In an anonymous post, one member of the comms2point0 community shares the story of their struggle to maintain good mental health.
by an anonymous guest poster
First of all an apology, I’m sorry that I’m writing this anonymously. I wish I that I could overcome my self-doubt and add my byline to this piece but unfortunately I’m not at that point just yet. I’ve been wanting to get my thoughts down on paper/ screen for a couple of years now, so I guess that’s some progress at least.
Secondly, another apology (well this is a great start isn’t it?), I’m sorry if what follows sounds a bit self-indulgent but I’m going to talk about mental health; particularly my poor state of mental health. There – I said it. That wasn’t so difficult was it?… Well, actually, yes it was hard. In fact, it was bloody terrifying.
But why should I/ we feel so reluctant to open up about what (worryingly) appears to be a growing issue for more and more of us? I guess that for all the positive talk amongst our supportive networks of comms peers (thank you Leanne Ehren, comms2point0, Comms Unplugged and Comms Chat to name but a few), there’s still a great fear about the public perception of others from outside of this sphere.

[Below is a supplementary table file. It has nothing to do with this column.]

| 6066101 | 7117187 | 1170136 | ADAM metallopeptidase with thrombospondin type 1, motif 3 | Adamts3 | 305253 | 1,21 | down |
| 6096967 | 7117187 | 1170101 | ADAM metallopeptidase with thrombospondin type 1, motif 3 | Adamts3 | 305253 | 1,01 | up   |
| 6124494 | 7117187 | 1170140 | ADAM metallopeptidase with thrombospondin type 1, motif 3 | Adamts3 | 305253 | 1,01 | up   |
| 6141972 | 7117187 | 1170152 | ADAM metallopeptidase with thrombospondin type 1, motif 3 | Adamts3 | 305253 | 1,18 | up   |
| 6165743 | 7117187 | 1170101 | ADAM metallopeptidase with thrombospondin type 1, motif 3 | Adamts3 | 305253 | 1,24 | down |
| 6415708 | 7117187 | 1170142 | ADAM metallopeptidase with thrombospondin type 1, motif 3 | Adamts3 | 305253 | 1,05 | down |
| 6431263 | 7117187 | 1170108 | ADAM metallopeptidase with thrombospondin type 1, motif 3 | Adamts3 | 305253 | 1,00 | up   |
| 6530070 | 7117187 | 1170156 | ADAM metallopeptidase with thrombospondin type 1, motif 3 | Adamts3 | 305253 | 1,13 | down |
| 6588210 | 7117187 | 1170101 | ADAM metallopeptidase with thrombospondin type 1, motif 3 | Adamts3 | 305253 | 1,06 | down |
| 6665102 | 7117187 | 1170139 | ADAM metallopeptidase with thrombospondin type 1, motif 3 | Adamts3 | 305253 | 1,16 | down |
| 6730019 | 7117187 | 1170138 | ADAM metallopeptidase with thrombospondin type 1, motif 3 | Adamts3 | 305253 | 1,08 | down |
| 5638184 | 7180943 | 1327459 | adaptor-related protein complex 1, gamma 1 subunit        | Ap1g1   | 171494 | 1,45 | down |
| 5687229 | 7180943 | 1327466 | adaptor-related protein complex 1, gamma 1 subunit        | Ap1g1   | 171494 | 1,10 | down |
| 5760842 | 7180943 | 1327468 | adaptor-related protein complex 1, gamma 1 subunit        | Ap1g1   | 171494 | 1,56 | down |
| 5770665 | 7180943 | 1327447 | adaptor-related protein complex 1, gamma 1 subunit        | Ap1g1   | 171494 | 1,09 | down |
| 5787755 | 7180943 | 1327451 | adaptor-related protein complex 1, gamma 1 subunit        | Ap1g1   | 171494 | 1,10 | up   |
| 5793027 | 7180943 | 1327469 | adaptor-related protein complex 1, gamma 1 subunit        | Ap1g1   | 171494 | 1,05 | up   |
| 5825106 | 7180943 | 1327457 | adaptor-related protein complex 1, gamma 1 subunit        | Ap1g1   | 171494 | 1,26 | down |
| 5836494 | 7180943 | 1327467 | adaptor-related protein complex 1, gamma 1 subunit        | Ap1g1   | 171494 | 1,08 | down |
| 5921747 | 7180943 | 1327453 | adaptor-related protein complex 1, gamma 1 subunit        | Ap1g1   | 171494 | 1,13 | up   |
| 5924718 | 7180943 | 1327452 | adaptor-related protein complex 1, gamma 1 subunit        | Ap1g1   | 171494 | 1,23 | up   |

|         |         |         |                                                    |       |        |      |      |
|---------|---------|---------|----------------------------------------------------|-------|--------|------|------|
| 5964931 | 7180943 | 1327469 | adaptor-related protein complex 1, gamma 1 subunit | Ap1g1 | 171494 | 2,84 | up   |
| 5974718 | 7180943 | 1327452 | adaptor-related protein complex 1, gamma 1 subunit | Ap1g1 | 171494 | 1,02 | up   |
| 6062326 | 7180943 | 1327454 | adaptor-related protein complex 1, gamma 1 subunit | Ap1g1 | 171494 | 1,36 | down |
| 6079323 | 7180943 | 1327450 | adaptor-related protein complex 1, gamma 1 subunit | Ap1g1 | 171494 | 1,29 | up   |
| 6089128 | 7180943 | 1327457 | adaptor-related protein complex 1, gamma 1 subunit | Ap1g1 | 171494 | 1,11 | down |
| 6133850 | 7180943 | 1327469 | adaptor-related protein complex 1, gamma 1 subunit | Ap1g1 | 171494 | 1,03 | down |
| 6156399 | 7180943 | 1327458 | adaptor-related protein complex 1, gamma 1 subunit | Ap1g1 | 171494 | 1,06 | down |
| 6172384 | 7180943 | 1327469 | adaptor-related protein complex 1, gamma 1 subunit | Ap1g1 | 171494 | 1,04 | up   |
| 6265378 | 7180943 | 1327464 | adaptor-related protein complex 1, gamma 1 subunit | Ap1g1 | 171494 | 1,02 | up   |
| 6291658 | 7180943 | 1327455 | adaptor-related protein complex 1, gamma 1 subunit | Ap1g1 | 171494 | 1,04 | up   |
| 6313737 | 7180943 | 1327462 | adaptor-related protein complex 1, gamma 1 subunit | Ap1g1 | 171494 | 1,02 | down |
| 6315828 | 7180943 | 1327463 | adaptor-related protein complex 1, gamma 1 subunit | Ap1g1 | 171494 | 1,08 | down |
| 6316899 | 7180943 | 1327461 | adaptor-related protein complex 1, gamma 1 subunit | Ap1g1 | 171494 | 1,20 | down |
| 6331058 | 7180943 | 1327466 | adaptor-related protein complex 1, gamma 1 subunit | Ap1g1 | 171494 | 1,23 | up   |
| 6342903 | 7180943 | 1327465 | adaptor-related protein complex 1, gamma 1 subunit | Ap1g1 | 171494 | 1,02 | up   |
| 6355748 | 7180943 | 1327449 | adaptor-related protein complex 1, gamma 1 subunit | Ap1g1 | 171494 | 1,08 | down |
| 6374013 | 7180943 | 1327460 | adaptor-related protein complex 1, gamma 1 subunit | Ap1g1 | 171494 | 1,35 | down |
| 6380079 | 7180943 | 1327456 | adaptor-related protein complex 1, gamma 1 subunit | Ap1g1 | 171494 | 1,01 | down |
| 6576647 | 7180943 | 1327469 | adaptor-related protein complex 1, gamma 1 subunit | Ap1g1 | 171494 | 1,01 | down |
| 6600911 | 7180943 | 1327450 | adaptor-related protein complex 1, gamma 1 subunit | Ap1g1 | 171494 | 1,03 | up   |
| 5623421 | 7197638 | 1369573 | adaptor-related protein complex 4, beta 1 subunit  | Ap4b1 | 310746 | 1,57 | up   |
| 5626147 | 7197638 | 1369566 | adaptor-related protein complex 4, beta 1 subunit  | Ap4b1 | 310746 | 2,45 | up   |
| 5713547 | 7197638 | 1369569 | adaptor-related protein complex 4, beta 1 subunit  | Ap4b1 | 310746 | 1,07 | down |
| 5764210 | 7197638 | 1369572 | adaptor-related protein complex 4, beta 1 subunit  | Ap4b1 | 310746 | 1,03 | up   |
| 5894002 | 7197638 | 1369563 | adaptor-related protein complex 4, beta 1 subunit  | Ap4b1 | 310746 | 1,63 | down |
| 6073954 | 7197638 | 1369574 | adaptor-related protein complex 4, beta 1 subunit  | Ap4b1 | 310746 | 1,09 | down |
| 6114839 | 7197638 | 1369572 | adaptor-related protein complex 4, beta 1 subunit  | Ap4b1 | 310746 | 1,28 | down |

Sometimes I just can’t shake the feeling that I need to put on a brave face for bosses, colleagues, friends and family. I don’t want to let them down/ admit defeat/ feel like a failure etc. In my mind, I battle with the conundrum that maybe they’re facing similar anguish in hiding their truth from me too. The last thing I want to do is add to their worries – therefore we all try to prop each other up with an unrealistic notion of strength. Sooner or later the house of cards we’ve built up will collapse.
Still with me? Crikey – you’re a glutton for punishment too, huh? Must be a comms thing.
I guess that I’ve been dealing with my own mental health issues for nearly 20 years now – a mix of stress, anxiety and depression (yes I know that spells SAD – it made me chuckle too).